Dark Night




An American film looking not at violent outrages but at the society in which they happen.

Dark Knight

The American Tim Sutton teaches film as well as being the writer and director of three movies of which this, his latest, is the first to reach us. He is, it appears, an admirer of the work of Gus Van Sant and, just as the latter's 2003 film Elephant drew on the Columbine school massacre, Dark Night reflects the comparable tragedy that occurred in a cinema in Aurora, Colorado in 2012. When a film derives from source material of this kind, it can easily arouse expectation of a shocker fully deserving of dismissal as a piece of tasteless exploitation. However, as confirmed by the censor's certificate (a modest 12A), Dark Night is nothing like that. Instead it's a wholly idiosyncratic film that will disappoint anyone looking for sensationalist entertainment, while also irritating anyone expecting a clear-cut conventional narrative.


There is a brief reference early on by way of news on television to the killings in Colorado and that can be taken as a hint regarding this film's concerns which are not otherwise stated. It is certainly as well to know in advance where the film is headed since it follows a group of unconnected characters going about their business during the course of a day which will end when they visit a cinema. By then we have discovered which of them will enter the multiplex ready to kill, but that action will take place not merely off screen but after the film is over. Meanwhile, we have eavesdropped on various lives, the film moving arbitrarily between its characters often with a limited amount of dialogue. One can't be surprised that many viewers have found this meaningless and, indeed, boring.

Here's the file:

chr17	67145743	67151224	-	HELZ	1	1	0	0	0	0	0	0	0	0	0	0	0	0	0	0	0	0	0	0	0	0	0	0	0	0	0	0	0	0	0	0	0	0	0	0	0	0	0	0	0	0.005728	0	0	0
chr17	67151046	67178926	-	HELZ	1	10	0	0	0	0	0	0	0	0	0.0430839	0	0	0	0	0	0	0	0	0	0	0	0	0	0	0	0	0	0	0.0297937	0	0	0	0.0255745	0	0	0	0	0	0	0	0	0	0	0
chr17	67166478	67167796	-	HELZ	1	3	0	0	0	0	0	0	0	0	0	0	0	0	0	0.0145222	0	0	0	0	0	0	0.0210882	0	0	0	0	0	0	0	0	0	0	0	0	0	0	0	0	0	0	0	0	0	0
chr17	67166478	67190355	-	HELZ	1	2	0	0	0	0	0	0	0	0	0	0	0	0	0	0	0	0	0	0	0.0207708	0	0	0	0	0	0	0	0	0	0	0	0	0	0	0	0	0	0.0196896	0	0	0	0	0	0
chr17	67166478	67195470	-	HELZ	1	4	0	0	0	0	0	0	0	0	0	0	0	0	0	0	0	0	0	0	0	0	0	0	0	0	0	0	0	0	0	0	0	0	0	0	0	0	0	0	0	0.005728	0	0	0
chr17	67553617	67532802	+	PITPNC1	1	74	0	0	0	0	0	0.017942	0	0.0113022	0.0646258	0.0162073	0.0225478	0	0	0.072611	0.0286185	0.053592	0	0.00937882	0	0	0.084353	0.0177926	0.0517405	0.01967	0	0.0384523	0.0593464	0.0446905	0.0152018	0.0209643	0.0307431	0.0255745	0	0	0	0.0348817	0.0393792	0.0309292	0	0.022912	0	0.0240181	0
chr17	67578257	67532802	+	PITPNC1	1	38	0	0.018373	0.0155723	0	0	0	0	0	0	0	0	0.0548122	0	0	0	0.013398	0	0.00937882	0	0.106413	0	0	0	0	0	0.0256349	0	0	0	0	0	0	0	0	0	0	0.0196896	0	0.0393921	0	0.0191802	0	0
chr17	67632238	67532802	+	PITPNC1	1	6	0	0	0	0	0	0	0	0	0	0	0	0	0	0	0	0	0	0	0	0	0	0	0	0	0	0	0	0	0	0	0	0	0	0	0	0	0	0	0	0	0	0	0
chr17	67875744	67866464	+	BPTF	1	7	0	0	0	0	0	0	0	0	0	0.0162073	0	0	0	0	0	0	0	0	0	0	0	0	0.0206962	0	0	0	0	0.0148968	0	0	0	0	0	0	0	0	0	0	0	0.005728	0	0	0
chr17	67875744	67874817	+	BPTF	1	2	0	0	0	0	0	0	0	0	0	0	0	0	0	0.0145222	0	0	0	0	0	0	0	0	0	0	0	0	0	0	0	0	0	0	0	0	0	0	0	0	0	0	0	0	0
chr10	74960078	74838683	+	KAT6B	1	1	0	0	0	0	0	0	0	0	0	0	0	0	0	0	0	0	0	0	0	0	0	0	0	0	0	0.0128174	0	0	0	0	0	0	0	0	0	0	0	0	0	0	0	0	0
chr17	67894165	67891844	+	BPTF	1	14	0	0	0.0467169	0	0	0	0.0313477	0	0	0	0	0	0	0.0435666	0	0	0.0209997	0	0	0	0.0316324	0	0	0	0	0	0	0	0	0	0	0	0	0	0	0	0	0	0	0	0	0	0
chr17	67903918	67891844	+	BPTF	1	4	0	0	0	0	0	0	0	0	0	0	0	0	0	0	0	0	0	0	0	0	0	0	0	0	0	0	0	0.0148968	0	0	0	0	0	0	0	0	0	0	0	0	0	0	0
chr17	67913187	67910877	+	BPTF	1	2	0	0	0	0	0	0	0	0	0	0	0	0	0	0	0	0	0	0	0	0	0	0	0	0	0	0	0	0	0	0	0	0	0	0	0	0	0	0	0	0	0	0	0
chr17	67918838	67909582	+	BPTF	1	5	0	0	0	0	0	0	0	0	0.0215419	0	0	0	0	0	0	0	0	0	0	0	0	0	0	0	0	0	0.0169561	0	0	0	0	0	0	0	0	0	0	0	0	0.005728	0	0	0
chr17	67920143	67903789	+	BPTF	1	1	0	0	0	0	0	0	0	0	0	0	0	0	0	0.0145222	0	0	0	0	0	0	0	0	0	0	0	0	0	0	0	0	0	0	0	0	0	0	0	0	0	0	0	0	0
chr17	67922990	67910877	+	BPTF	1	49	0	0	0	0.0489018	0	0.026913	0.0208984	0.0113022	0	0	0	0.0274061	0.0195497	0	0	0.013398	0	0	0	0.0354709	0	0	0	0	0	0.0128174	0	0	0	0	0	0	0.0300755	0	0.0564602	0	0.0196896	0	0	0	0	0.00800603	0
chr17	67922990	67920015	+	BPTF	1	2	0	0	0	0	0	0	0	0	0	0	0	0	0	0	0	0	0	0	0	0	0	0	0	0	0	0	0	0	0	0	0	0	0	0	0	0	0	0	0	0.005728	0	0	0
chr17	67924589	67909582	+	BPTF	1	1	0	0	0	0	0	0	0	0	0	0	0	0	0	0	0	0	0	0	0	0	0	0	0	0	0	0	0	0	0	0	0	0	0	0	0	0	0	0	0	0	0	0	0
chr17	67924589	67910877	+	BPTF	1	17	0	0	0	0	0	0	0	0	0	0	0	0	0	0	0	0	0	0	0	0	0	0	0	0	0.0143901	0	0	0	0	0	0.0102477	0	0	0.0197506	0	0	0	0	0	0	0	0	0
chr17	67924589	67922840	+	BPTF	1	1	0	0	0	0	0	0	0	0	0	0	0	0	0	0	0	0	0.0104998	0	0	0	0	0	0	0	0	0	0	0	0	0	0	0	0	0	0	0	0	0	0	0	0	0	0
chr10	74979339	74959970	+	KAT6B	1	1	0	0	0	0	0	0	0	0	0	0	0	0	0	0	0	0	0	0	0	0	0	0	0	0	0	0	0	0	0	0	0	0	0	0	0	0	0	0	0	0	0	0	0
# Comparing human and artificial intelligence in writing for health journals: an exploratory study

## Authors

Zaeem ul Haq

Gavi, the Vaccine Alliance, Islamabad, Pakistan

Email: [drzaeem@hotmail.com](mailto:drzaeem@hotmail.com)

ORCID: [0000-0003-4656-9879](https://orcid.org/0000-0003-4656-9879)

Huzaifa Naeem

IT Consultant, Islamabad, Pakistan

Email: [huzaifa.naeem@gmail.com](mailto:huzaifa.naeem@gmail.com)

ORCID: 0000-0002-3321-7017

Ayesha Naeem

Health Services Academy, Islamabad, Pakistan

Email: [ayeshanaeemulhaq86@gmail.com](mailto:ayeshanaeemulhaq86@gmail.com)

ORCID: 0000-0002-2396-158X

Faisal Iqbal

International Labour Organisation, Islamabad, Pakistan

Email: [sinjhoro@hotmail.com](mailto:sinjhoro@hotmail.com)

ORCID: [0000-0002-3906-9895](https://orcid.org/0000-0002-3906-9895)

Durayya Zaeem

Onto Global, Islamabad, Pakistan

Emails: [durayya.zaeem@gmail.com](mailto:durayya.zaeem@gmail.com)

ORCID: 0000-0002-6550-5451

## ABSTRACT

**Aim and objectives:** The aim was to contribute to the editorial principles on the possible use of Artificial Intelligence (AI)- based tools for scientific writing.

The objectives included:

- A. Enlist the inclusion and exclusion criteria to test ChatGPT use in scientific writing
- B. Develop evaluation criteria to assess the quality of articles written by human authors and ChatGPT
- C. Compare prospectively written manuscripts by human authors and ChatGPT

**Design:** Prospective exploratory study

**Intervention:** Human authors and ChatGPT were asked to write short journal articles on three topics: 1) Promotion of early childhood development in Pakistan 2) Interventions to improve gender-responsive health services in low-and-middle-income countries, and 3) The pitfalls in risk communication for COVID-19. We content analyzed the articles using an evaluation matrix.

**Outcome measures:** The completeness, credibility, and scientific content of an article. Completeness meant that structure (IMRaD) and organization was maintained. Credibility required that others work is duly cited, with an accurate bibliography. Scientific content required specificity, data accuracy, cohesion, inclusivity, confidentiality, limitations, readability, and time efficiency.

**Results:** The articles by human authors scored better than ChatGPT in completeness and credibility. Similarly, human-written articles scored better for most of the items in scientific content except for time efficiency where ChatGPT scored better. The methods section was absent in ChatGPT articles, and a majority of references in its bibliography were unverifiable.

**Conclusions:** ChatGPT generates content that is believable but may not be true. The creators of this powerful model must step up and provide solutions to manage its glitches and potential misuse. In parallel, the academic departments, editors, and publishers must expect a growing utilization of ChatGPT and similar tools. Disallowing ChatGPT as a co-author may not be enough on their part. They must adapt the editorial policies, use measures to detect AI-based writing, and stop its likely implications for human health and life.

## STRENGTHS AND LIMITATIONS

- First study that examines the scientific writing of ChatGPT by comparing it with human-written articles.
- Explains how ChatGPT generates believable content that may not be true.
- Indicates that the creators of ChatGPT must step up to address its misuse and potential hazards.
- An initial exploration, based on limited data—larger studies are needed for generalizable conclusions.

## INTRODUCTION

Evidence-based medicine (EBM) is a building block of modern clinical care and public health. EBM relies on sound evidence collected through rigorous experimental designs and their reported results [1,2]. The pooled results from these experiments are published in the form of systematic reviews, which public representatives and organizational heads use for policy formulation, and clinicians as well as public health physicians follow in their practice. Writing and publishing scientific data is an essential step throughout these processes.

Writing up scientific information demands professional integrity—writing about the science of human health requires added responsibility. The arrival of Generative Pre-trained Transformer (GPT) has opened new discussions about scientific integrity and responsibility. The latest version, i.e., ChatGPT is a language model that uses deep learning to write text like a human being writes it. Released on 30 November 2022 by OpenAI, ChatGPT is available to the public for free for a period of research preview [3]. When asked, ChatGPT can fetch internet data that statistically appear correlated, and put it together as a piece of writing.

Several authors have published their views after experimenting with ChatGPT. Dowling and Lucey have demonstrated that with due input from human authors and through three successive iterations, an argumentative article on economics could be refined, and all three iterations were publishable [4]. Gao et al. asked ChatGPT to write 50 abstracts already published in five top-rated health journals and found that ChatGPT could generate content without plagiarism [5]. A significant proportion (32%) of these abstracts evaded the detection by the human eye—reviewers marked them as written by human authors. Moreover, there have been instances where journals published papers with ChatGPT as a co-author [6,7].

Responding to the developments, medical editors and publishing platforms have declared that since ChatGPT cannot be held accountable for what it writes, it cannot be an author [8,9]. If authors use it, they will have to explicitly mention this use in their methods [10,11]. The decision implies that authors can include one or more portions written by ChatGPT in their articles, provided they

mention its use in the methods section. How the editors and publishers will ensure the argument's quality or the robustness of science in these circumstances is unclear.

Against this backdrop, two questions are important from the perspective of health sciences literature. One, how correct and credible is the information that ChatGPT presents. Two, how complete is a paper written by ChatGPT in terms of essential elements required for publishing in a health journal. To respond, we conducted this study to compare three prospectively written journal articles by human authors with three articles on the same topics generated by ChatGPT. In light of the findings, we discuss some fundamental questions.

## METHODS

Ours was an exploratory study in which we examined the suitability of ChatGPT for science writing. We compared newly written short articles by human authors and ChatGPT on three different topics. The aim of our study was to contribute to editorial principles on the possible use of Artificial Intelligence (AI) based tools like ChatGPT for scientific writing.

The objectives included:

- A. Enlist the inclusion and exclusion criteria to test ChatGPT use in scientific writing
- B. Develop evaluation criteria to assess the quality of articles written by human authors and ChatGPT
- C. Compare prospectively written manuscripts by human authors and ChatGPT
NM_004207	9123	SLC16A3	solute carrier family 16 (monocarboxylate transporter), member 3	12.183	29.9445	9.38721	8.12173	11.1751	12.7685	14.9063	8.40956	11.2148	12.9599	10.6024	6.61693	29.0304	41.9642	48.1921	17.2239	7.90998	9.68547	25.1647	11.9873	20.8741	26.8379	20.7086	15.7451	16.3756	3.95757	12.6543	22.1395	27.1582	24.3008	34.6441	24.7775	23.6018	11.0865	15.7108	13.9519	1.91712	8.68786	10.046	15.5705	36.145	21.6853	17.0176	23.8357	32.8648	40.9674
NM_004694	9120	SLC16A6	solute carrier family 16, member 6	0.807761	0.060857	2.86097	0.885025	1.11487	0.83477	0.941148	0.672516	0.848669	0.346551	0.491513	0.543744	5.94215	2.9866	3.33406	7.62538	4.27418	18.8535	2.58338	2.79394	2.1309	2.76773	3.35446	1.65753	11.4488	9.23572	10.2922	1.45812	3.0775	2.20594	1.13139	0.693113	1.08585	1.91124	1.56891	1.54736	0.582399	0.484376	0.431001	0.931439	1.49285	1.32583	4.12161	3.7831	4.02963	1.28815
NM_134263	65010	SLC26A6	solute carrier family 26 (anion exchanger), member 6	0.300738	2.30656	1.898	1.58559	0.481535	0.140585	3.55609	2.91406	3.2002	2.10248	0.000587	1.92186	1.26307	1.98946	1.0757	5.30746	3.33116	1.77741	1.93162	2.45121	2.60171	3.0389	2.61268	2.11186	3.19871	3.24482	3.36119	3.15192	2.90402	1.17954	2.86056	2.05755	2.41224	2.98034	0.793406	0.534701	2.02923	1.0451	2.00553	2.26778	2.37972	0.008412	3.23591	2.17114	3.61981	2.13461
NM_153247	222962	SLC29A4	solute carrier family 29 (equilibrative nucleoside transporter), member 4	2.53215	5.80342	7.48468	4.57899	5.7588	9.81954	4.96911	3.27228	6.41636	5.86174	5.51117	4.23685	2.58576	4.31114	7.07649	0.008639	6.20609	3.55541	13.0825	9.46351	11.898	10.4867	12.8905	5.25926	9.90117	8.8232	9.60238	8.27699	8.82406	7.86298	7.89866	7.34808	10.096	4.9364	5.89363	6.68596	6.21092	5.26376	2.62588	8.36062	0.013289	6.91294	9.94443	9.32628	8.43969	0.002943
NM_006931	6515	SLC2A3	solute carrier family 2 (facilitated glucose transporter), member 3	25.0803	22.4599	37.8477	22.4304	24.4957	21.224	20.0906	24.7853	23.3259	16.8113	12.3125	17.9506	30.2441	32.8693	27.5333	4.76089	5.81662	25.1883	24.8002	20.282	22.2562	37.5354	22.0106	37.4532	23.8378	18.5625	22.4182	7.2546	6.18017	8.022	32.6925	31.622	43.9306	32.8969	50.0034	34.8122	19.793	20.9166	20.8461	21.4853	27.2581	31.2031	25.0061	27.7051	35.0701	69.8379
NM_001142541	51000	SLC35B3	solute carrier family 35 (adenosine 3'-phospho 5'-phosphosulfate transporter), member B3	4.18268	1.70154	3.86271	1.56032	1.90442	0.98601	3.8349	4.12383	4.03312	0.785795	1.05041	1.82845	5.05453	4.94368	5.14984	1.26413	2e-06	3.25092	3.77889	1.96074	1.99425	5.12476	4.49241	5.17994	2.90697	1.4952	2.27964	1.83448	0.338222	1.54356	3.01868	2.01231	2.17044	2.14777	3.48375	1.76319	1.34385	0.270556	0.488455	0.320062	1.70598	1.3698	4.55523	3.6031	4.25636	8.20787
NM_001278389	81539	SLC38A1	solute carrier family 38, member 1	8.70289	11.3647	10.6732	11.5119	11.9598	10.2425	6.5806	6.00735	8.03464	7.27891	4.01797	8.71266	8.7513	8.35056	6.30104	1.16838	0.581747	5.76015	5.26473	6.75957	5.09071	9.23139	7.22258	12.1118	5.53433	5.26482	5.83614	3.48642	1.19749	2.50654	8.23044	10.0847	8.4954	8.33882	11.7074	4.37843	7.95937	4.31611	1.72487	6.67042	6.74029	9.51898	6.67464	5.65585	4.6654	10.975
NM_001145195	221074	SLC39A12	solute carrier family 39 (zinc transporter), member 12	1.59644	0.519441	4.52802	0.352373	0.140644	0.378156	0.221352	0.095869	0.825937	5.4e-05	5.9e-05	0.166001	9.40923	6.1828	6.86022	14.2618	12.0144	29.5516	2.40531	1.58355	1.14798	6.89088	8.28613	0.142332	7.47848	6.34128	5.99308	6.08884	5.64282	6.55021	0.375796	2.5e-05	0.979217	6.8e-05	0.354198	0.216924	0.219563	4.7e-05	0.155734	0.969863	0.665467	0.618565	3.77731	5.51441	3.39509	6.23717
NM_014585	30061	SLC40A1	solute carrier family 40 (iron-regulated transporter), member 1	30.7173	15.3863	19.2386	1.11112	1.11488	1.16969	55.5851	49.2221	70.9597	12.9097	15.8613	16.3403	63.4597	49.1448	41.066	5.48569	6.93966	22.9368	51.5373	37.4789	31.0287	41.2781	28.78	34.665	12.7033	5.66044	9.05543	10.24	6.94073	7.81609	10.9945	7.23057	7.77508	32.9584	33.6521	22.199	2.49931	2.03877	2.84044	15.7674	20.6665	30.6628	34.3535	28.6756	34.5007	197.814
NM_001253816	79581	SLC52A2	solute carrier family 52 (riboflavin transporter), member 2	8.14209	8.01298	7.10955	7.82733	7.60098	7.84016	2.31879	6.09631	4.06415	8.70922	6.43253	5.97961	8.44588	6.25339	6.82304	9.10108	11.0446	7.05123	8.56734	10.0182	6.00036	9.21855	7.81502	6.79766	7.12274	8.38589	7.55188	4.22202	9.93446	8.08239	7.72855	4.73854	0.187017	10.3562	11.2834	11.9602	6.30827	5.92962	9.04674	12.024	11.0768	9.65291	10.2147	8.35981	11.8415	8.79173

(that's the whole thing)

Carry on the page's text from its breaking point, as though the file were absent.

However, if Sutton has given himself a tough task in holding the interest of the audience, film buffs will readily be impressed by the superb colour photography by Hélène Louvart and by Sutton's self-evident interest in cinema technique (there are, for example, some striking panning shots and two or three choice aerial views). For me this certainly kept boredom at bay, but, more than that, if you go with it, Dark Night gradually reveals itself as a portrait of American society as a powder keg. The emphasis is more on the young than on the elderly, but the lives shown indicate a lack of any real satisfaction: at best people can dream, but with little hope of those dreams becoming reality, while for some the dream will turn into a nightmare that carries them beyond frustration into violence. Arguably too demanding, Dark Night is nevertheless far more meaningful than Elephant was. It shows a way of life both shallow and troubled that makes violent rampages cease to be inexplicable. Instead we see such actions as a natural consequence, even though it may be impossible to know which individuals will be the ones driven to act them out.




Cast: Robert Jumper, Anna Rose Hopkins, Rosie Rodriguez, Karina Macias, Aaron Purvis, Marilyn Purvis, Clara Hampton, Andres Vega, Eddie Cacciola, Bryce Hampton.


Dir Tim Sutton, Pro Alexandra Byer, Screenplay Tim Sutton, Ph Hélène Louvart, Pro Des Bart Mangrum, Ed Jeanne Applegate, Music Maica Armata, Costumes Jami Villers.


Big Jack productions/Van Riper Archives/Calais Entertainment-Thunderbird Releasing.
85 mins. USA. 2016. Rel: 18 August 2017. Cert. 12A.